Chapter 7 Bankruptcy

Chapter 7 is a legal process that helps people who cannot repay their debts get a fresh start. The court reviews the individual’s or family’s income, expenses, assets and debts to determine if they are entitled to debt relief. If the court determines it is unrealistic that the person will be able to repay their debts, the court wipes out the debts and gives them a fresh start. A Chapter 7 Bankruptcy can stop collection calls, stop garnishments and stop utility shut off.

Chapter 7 Qualification

Qualifying for Chapter 7 Bankruptcy is based on the average of your last six months of gross income. The six month average income is then multiplied by 12 to create a “yearly income”. You qualify for Chapter 7 Bankruptcy if your “yearly income” is below the current income allowance. Your income allowance is based on the amount of people in your household. If your income is above the income allowance, you may still qualify depending on your circumstances. An individual can only file Chapter 7 Bankruptcy once every 8 years. If you do not qualify for a Chapter 7 Bankruptcy, you may want to look at a Chapter 13 Bankruptcy.

Counseling Requirement

The bankruptcy court requires all filers to complete two credit counseling sessions provided by an approved bankruptcy counselor. One session is required prior to filing and one needs to be done after the case is filed. These sessions can be complete in person, over the phone or online.

Protected Assets

There is a misconception that when you file Chapter 7 Bankruptcy you lose all of your property. The truth is the bankruptcy court allows a person to keep any property that fits within the exemptions. Chapter 7 exemptions cover the value or equity you have in certain types of property. The most commons exemptions used are for a house, car, household goods, bank accounts, and retirement accounts. For property that does not fit into the common categories there is also a “Wildcard Exemption”. The Wildcard Exemption can be used to cover any type of asset, such as a recreational vehicle. The amount of available Wildcard Exemption depends on the equity in your home.

If an asset has a loan on it, such as a home mortgage or auto loan, the Chapter 7 Bankruptcy will likely not affect that loan if you reaffirm the loan. You are allowed to keep the asset and the loan keeps the original terms.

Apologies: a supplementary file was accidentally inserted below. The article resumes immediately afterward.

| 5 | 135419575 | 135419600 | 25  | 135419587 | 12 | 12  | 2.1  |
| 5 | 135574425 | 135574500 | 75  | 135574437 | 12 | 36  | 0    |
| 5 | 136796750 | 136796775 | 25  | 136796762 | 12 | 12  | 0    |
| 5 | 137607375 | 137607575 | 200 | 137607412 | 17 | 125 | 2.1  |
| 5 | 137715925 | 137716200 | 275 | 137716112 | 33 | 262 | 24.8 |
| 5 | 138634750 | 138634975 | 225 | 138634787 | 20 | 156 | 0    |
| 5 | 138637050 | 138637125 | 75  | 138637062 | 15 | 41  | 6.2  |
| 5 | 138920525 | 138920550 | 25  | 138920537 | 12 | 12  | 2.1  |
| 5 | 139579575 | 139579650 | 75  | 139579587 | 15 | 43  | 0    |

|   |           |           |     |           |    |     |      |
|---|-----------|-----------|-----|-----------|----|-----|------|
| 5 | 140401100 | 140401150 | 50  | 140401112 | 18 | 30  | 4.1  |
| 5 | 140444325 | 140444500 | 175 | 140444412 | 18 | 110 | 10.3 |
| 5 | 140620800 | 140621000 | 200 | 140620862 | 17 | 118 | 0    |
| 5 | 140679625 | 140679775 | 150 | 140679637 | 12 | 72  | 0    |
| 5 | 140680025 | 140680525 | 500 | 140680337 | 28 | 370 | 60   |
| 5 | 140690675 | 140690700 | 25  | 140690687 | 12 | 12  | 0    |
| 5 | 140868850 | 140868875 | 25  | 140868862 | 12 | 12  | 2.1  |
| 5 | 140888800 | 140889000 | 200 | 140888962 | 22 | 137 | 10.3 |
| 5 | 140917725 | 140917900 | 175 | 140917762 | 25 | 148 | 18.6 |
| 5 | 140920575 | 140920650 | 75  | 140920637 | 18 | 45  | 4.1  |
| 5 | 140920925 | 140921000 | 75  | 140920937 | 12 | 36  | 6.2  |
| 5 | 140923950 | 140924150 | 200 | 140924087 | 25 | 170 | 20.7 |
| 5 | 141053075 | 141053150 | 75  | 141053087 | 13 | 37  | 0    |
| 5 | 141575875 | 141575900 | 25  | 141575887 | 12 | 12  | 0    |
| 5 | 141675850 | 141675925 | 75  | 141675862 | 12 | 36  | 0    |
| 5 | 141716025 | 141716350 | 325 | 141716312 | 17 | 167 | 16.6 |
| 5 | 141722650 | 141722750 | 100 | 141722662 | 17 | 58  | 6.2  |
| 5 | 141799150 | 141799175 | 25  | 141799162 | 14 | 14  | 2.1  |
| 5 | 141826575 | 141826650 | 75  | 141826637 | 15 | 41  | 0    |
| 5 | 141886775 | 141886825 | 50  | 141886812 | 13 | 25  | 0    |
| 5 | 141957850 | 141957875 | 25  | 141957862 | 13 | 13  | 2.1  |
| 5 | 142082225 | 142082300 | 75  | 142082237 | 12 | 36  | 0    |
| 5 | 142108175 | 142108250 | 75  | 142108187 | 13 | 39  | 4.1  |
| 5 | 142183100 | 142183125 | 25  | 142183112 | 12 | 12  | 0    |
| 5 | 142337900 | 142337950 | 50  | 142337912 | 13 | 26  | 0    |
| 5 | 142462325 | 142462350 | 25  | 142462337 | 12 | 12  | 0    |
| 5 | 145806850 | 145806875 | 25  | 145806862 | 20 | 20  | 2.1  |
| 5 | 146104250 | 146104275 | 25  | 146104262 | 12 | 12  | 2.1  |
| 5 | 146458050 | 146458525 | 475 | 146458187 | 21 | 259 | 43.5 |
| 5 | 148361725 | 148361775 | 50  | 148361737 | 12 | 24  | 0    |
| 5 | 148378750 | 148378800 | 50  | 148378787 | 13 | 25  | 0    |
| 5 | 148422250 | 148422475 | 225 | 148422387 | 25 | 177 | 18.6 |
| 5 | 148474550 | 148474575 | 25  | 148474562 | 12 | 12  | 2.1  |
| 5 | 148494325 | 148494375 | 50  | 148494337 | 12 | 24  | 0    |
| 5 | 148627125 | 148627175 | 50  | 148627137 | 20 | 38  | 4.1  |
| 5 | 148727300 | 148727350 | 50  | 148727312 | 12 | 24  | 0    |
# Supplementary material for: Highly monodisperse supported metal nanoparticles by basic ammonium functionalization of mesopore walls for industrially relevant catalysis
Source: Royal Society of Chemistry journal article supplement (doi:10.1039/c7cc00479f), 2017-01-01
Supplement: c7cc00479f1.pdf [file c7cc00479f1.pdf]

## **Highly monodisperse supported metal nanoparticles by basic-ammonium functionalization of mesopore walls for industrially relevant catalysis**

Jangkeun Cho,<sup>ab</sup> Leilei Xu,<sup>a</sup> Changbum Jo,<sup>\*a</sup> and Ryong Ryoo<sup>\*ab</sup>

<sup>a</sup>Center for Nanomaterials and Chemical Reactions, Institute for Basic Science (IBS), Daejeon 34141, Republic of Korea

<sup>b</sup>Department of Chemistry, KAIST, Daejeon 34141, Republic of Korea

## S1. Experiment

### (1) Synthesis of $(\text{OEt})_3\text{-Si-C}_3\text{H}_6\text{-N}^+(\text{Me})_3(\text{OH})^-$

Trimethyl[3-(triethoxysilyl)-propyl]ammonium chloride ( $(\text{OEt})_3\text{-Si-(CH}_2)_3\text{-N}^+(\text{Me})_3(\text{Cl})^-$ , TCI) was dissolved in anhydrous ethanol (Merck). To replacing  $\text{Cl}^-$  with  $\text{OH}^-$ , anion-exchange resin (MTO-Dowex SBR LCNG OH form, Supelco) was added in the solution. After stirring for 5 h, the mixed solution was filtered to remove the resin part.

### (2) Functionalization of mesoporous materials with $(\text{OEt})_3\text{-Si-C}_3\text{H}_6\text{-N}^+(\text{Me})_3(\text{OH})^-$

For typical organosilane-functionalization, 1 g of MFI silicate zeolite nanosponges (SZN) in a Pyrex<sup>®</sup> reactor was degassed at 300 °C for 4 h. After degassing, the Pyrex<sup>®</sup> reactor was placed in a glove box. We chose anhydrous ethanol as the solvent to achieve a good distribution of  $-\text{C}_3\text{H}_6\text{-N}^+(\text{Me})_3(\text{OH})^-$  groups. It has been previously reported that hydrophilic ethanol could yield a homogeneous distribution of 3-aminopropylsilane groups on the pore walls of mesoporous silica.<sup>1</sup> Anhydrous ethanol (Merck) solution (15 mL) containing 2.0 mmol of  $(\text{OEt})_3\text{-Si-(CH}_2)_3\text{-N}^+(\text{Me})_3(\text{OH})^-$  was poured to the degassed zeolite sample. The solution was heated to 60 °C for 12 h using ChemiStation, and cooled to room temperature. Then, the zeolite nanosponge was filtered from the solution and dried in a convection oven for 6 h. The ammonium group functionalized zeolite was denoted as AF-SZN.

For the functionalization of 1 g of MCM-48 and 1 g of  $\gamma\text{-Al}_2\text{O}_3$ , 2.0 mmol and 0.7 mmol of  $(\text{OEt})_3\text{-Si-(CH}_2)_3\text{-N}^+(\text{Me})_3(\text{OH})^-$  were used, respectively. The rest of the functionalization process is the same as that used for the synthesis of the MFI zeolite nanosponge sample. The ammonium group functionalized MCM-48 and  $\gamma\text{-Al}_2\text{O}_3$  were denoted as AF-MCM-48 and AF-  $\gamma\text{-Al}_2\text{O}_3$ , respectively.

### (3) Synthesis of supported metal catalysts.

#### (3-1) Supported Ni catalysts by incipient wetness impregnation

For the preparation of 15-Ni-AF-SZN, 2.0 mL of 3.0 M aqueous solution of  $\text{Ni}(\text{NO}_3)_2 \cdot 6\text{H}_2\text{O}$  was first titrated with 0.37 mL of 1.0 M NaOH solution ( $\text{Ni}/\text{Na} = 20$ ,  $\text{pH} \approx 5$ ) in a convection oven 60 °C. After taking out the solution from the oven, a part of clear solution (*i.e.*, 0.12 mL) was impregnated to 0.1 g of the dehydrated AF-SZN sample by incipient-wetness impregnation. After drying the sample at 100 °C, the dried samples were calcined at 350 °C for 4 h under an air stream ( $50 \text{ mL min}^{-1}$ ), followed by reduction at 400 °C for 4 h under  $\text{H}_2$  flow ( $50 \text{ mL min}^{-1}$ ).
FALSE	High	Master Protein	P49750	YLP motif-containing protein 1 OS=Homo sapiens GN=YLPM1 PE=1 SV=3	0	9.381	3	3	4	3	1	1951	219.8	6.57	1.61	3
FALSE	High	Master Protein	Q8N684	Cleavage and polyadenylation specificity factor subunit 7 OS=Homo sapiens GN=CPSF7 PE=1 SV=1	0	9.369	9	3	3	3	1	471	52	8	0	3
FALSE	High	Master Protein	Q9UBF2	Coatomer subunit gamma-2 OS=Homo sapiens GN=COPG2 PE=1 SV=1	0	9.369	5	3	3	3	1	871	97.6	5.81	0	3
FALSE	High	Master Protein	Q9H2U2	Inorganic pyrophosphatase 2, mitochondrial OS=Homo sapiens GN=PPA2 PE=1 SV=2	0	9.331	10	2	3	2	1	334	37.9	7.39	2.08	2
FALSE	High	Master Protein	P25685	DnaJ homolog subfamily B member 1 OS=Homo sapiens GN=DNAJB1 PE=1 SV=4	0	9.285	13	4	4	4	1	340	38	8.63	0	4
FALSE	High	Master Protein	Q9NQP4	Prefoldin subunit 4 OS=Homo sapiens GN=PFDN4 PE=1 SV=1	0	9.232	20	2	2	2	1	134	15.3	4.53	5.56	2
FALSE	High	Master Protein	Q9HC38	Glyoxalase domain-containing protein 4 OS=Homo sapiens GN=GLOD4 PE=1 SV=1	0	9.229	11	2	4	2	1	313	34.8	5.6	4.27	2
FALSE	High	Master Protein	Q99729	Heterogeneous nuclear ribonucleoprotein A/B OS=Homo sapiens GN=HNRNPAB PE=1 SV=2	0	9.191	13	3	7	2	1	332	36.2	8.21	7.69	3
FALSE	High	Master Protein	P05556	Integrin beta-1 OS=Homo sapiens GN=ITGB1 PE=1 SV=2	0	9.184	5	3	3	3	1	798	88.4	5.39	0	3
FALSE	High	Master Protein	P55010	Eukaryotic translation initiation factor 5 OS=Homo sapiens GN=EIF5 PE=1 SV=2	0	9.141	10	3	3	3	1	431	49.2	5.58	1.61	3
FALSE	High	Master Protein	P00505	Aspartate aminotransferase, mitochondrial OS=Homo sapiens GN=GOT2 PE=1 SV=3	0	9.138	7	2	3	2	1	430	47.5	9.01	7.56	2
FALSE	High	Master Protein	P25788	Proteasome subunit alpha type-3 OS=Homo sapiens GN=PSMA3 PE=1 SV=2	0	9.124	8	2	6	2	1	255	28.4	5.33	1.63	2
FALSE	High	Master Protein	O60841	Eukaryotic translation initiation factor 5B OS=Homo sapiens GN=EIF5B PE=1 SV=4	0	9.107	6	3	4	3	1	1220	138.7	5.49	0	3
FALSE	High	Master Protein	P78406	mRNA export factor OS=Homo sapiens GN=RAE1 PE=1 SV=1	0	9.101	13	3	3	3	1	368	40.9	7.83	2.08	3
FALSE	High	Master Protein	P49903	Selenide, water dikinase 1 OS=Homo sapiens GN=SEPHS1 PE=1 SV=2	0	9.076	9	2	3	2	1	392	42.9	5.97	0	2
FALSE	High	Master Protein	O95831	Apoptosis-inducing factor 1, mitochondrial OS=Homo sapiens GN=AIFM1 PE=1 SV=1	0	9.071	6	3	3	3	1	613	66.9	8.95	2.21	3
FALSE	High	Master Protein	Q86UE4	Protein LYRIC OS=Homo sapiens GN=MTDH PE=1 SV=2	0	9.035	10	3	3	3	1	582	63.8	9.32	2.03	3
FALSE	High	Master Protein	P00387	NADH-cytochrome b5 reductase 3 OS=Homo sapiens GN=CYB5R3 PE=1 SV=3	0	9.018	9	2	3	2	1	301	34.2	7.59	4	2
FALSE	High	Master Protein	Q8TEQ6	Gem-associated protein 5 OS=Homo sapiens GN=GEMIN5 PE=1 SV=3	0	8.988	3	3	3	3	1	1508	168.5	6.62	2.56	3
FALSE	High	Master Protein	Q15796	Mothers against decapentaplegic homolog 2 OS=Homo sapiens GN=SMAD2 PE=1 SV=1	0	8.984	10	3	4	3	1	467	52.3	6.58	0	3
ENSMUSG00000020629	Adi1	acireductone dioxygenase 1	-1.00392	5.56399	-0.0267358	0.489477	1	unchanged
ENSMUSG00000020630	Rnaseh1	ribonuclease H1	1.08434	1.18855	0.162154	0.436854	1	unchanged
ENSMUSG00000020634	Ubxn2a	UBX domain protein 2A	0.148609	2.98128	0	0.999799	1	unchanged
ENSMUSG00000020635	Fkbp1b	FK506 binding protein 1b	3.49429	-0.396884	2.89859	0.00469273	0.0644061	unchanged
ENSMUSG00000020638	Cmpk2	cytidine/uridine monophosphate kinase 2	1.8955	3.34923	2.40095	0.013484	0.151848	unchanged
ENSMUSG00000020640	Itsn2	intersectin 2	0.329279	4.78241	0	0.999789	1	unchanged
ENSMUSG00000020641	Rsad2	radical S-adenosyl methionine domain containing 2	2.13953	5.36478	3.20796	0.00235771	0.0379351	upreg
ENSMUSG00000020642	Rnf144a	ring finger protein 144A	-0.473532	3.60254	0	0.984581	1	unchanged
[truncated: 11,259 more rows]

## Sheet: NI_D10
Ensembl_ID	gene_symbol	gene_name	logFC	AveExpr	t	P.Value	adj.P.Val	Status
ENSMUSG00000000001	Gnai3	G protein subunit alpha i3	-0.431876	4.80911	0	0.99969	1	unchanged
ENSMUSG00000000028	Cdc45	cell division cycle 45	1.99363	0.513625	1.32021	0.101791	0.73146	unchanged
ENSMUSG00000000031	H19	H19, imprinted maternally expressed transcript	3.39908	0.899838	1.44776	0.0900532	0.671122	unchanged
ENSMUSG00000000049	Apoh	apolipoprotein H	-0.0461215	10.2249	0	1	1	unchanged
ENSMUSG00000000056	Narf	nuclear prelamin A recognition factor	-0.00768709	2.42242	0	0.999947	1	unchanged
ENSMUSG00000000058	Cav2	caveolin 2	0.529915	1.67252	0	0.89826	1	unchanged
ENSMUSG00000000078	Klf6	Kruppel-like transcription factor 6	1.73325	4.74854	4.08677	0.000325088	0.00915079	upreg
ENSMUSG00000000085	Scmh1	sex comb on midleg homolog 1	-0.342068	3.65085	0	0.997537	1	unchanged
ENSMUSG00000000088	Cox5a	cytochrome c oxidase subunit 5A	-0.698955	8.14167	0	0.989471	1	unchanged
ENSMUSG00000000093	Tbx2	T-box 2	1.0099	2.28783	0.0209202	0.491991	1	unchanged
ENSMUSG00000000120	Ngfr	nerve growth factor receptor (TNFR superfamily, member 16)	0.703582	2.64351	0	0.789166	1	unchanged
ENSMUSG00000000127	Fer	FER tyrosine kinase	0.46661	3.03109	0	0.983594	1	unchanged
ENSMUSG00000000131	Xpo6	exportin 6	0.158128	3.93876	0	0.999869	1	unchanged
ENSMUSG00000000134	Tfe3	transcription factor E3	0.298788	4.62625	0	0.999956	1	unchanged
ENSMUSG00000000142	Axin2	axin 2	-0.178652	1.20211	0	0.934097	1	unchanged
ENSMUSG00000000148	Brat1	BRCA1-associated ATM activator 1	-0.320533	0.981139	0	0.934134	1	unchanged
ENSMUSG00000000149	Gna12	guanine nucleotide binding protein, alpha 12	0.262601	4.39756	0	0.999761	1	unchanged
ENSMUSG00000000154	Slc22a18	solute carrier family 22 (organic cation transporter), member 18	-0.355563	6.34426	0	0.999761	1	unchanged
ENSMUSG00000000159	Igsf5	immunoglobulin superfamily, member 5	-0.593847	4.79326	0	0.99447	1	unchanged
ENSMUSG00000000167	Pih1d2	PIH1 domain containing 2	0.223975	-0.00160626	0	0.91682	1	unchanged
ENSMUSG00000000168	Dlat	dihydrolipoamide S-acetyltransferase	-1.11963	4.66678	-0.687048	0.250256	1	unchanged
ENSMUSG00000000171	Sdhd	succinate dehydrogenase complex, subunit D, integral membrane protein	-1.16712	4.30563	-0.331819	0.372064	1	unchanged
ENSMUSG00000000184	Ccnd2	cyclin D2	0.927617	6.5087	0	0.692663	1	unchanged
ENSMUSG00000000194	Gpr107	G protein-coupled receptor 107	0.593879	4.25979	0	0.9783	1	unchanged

Dischargeable Debts

The following are common debts discharged in Chapter 7 Bankruptcy:

  • Credit Cards
  • Payday Loans
  • Back Rent & Damages
  • Repossessed Vehicle Loans
  • Auto Accident Claims
  • Medical Bills
  • Money Judgements
  • Utility Bills
  • Business Debts
  • Old Tax Debt

Non-Dischargeable Debts

The following are common debts that are not discharged in a Chapter 7 Bankruptcy:

  • Student Loans
  • Recent Federal, State and Local Taxes
  • Child Support and Spousal Maintenance
  • Court Fees
  • Criminal Restitution

The Process for a Chapter 7 Bankruptcy

Preparation. The first step toward a Chapter 7 Bankruptcy is meeting with an attorney for a consultation. The attorney will verify that you qualify for a Chapter 7 Bankruptcy, discuss what debts will be discharged and confirm you are able to keep all your property. If you decide that Chapter 7 Bankruptcy is right for you, a list of paperwork will be provided for you to bring to your next appointment. At your second appointment, the attorney will go through all the necessary information with you to prepare the bankruptcy case.

Filing Bankruptcy. When the bankruptcy case is ready, you will review the paperwork with your attorney and sign the documents. The papers will be filed with the bankruptcy court that same day. Roughly 30 days later there will be a court hearing where you will swear under oath that your bankruptcy paperwork is true and correct and answer any questions the trustee has. Usually this is the only hearing required. Assuming no objections, the court will grant your discharge approximately 60 days after your court hearing.

Home & Auto Loans. If you have any secured loans, such as a car loan, you may enter into a reaffirmation agreement. This document states that even though you filed bankruptcy you are choosing to still be liable for the debt. You must be current for the creditor to offer a reaffirmation agreement.

Pedersen Law Office, LLC offers free consults in all of our areas of practice and will meet with you personally to discuss your specific circumstances and see what options are available for you. Our law office serves the communities of Appleton, Neenah, Menasha, Oshkosh, Green Bay and their surrounding areas.

Get in touch

Online Bill Payment

Now you can quickly and easily pay for your legal services online in the comfort of your own home.